Masada is a mountaintop fortress west of the Dead Sea that we visited on November 18. Between 37 and 31 BC, Herod the Great enlarged an existing fortress, but it is not exactly clear what purpose it served. A century later, Jewish rebels against the Roman Empire overcame the garrison and took refuge at Masada. In retribution, the Tenth Roman Legion besieged the hilltop fortress. To starve out the rebels, they built a a siege wall around Masada. When the rebels did not yield, the Romans constructed a ramp so that battering rams could breach the walls. In 73 AD, after penetrating the walls, the Romans discovered that the 960 inhabitants had set all the buildings ablaze except the food storerooms. Then they committed mass suicide or killed each other.
We know about Masada from the Jewish historian Josephus, who had served in the rebel army. When he was captured, he told Vespasian that Jewish prophecies had foretold his future as Emperor of Rome. Vespasian allowed Josephus to live as a slave and an interpreter, and he eventually became a citizen of Rome. So his book The Jewish War describes events such as the siege at Masada in a way that glorifies Rome. The Masadan rebels, Josephus wrote, were a violent group, “the Sicarii,” who had massacred 700 women and children at the nearby spring of En Gedi.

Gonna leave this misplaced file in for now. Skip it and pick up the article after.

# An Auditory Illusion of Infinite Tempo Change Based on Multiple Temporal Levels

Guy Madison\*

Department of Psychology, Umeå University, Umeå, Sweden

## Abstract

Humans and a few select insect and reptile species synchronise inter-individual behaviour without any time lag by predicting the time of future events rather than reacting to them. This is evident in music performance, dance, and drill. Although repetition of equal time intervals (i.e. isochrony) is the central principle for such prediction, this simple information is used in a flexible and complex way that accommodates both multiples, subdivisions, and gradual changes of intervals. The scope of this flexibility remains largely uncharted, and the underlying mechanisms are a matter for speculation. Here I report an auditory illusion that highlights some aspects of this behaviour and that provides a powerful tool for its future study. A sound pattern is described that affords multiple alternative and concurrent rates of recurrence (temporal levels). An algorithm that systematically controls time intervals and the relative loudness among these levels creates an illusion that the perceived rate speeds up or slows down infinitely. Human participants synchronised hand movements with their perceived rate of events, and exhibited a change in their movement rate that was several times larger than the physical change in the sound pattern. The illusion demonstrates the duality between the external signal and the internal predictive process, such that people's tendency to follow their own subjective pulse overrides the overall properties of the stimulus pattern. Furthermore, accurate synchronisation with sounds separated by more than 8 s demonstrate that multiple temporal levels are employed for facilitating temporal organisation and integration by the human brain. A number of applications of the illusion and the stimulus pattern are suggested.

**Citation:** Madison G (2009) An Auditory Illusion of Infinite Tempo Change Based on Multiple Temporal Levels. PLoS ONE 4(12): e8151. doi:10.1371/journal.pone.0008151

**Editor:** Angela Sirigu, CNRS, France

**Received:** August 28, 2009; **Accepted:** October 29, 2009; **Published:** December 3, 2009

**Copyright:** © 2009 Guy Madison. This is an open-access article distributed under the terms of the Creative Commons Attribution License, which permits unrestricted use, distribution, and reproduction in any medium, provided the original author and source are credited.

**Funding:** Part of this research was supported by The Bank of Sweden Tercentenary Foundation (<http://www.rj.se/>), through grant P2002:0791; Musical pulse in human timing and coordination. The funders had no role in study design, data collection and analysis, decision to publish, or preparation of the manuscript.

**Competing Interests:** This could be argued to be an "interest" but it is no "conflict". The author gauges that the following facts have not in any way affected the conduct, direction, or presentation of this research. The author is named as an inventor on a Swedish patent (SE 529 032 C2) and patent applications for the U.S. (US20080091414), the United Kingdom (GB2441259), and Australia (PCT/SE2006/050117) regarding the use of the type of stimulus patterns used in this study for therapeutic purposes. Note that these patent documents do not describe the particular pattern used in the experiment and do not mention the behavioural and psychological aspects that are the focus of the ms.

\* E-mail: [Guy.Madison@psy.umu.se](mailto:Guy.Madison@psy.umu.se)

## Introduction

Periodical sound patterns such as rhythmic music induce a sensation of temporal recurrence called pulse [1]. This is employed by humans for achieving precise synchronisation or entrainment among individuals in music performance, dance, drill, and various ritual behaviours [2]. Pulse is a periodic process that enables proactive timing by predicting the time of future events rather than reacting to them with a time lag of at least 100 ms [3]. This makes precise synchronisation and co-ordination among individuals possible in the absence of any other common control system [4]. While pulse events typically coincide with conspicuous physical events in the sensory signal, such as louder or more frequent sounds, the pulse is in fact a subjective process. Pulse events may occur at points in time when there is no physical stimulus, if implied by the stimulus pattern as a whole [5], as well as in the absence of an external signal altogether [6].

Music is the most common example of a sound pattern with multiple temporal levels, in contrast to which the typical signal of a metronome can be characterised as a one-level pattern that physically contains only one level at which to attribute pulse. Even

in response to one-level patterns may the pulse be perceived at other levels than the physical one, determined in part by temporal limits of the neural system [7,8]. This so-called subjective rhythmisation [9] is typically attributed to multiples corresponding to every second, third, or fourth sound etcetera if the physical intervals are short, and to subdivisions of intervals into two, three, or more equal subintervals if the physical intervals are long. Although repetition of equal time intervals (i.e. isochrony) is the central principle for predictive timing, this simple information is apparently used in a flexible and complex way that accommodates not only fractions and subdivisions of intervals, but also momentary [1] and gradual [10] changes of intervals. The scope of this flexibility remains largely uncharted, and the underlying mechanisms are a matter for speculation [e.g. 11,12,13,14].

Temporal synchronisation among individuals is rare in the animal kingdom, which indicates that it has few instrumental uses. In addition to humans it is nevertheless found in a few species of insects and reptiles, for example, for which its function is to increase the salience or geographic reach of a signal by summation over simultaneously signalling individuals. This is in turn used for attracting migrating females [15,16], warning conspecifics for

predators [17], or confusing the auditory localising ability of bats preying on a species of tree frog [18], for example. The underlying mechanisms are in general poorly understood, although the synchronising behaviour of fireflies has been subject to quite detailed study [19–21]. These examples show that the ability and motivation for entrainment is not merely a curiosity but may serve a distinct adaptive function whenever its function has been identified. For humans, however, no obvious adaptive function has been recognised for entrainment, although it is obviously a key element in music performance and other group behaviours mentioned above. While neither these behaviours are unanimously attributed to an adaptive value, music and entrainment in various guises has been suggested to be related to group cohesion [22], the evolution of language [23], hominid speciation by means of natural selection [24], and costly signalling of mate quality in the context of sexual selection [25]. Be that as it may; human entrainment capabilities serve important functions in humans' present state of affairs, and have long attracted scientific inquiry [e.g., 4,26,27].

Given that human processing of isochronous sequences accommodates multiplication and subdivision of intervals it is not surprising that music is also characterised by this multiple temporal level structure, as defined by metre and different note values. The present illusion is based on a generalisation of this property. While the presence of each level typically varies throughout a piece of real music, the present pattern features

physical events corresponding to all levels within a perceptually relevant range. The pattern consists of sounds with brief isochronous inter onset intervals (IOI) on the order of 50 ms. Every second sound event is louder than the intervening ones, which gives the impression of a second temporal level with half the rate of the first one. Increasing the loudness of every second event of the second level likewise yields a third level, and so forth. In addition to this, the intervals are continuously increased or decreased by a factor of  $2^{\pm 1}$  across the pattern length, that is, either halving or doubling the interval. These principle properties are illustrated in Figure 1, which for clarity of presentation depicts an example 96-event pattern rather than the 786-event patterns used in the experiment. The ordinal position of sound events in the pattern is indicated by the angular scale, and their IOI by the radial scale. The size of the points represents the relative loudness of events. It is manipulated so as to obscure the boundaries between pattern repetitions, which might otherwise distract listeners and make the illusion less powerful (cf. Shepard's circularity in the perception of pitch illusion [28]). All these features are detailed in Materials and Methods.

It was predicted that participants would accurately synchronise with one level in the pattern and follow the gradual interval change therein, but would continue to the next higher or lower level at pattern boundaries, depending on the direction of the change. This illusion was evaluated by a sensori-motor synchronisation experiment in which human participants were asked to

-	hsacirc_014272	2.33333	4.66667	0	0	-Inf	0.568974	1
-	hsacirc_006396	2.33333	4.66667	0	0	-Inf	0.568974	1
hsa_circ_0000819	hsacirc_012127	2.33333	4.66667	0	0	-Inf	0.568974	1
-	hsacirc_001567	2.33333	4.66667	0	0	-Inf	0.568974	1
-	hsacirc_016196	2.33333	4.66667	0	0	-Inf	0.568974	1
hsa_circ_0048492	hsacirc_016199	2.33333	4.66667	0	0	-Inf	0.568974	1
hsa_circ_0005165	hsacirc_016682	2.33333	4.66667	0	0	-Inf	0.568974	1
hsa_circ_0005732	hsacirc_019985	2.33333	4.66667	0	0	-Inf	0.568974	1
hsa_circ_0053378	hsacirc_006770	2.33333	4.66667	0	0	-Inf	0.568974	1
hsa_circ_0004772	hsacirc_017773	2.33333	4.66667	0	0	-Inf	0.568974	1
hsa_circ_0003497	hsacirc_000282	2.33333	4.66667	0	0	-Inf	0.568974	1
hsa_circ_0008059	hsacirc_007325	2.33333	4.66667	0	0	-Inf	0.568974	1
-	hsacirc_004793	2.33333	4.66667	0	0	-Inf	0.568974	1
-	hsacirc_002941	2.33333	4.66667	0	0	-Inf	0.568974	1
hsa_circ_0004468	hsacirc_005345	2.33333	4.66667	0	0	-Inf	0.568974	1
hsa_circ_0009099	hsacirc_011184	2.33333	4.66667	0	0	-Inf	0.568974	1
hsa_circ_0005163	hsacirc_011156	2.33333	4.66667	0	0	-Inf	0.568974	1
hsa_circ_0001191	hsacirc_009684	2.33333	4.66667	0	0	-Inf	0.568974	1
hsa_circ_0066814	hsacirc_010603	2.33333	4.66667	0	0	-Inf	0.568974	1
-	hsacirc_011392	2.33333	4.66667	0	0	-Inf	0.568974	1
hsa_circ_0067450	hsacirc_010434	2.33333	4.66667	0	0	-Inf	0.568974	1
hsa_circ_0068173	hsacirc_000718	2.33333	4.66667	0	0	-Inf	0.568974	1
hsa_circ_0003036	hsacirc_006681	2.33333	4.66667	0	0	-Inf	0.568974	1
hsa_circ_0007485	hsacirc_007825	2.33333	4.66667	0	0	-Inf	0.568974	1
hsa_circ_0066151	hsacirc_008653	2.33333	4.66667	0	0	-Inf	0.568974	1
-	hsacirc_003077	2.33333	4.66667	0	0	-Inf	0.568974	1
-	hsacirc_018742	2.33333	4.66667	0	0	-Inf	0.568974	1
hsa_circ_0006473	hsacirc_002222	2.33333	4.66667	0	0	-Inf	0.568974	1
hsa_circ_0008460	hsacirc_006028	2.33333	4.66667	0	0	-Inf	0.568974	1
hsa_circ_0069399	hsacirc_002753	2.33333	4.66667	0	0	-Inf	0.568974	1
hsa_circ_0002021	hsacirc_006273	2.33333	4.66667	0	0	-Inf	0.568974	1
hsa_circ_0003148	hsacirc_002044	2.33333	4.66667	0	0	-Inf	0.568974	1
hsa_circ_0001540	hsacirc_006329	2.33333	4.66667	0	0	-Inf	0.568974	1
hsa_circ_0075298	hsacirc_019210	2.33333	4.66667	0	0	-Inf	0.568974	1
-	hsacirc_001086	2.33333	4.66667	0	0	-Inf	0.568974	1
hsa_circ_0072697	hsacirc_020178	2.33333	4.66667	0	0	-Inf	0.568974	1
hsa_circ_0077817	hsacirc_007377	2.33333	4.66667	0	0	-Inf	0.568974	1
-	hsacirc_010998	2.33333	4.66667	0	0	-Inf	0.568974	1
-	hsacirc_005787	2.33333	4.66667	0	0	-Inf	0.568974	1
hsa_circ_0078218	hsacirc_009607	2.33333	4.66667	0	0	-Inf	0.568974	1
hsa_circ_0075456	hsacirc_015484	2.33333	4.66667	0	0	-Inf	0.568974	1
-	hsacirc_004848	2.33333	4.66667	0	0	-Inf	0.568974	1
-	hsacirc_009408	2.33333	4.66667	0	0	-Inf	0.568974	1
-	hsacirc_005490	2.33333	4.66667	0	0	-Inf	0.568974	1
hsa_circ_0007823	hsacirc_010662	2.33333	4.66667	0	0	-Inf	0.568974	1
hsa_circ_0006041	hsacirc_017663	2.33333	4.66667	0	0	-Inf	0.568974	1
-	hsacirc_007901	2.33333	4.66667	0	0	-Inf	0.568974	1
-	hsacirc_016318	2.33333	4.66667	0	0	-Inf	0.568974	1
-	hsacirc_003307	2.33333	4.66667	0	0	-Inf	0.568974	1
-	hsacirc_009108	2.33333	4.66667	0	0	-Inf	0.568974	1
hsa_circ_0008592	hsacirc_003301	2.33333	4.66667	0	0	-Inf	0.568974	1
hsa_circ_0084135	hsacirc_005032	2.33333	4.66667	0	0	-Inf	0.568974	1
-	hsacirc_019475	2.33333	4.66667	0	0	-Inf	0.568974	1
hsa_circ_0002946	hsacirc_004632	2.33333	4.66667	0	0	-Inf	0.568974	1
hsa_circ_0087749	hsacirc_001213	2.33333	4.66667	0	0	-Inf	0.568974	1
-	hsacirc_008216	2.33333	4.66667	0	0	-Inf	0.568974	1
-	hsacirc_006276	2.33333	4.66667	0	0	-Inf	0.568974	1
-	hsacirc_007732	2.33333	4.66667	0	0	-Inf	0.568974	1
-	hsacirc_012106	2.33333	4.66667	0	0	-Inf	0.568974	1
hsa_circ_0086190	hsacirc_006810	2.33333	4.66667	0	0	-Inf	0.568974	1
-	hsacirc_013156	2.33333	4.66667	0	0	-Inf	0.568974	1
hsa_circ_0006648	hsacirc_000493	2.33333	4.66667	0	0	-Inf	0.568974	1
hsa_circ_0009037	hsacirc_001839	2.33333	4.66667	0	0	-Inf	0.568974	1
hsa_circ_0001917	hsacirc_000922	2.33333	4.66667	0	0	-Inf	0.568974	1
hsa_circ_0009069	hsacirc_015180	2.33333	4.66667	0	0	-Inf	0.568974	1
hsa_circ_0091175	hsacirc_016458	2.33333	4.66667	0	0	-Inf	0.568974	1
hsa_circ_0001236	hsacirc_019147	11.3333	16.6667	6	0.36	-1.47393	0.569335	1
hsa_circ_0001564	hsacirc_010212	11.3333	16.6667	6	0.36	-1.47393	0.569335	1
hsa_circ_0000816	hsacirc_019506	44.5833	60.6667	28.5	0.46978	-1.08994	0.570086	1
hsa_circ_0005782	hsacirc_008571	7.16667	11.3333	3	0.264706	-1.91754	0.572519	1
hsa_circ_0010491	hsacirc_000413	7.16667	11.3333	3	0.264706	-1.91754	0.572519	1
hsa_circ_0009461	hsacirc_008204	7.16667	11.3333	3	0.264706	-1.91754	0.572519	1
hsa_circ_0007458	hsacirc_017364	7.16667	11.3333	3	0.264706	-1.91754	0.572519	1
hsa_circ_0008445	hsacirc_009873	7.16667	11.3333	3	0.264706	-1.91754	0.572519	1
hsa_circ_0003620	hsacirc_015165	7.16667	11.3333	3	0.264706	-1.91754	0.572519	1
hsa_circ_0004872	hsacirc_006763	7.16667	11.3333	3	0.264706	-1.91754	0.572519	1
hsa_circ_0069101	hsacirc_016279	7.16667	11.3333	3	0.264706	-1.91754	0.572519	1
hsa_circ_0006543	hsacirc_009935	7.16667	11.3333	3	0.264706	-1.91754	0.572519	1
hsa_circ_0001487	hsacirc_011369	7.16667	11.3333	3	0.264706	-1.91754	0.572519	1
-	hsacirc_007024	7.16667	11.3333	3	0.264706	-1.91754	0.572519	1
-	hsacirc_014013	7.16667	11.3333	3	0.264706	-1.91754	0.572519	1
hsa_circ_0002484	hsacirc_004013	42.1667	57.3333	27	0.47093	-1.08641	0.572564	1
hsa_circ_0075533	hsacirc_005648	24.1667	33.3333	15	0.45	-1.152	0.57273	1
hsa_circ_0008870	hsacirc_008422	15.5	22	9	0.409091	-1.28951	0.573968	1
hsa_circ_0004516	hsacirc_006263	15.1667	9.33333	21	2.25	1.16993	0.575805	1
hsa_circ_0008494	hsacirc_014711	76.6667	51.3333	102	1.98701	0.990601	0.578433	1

According to Josephus, the rebels drew lots in order to organize their deaths and suicide. Versions of the story emphasize the bravery of the Jews. Our guide Jared said that, for many years, Israeli Army soldiers were sworn in at Masada to inculcate an ethos of courage. Modern archaeologists question the veracity of the Josephus account, because archaeological evidence does not support many details. Mass suicide and murder are not the best illustrations of bravery. We left Masada and drove to the Negev Desert.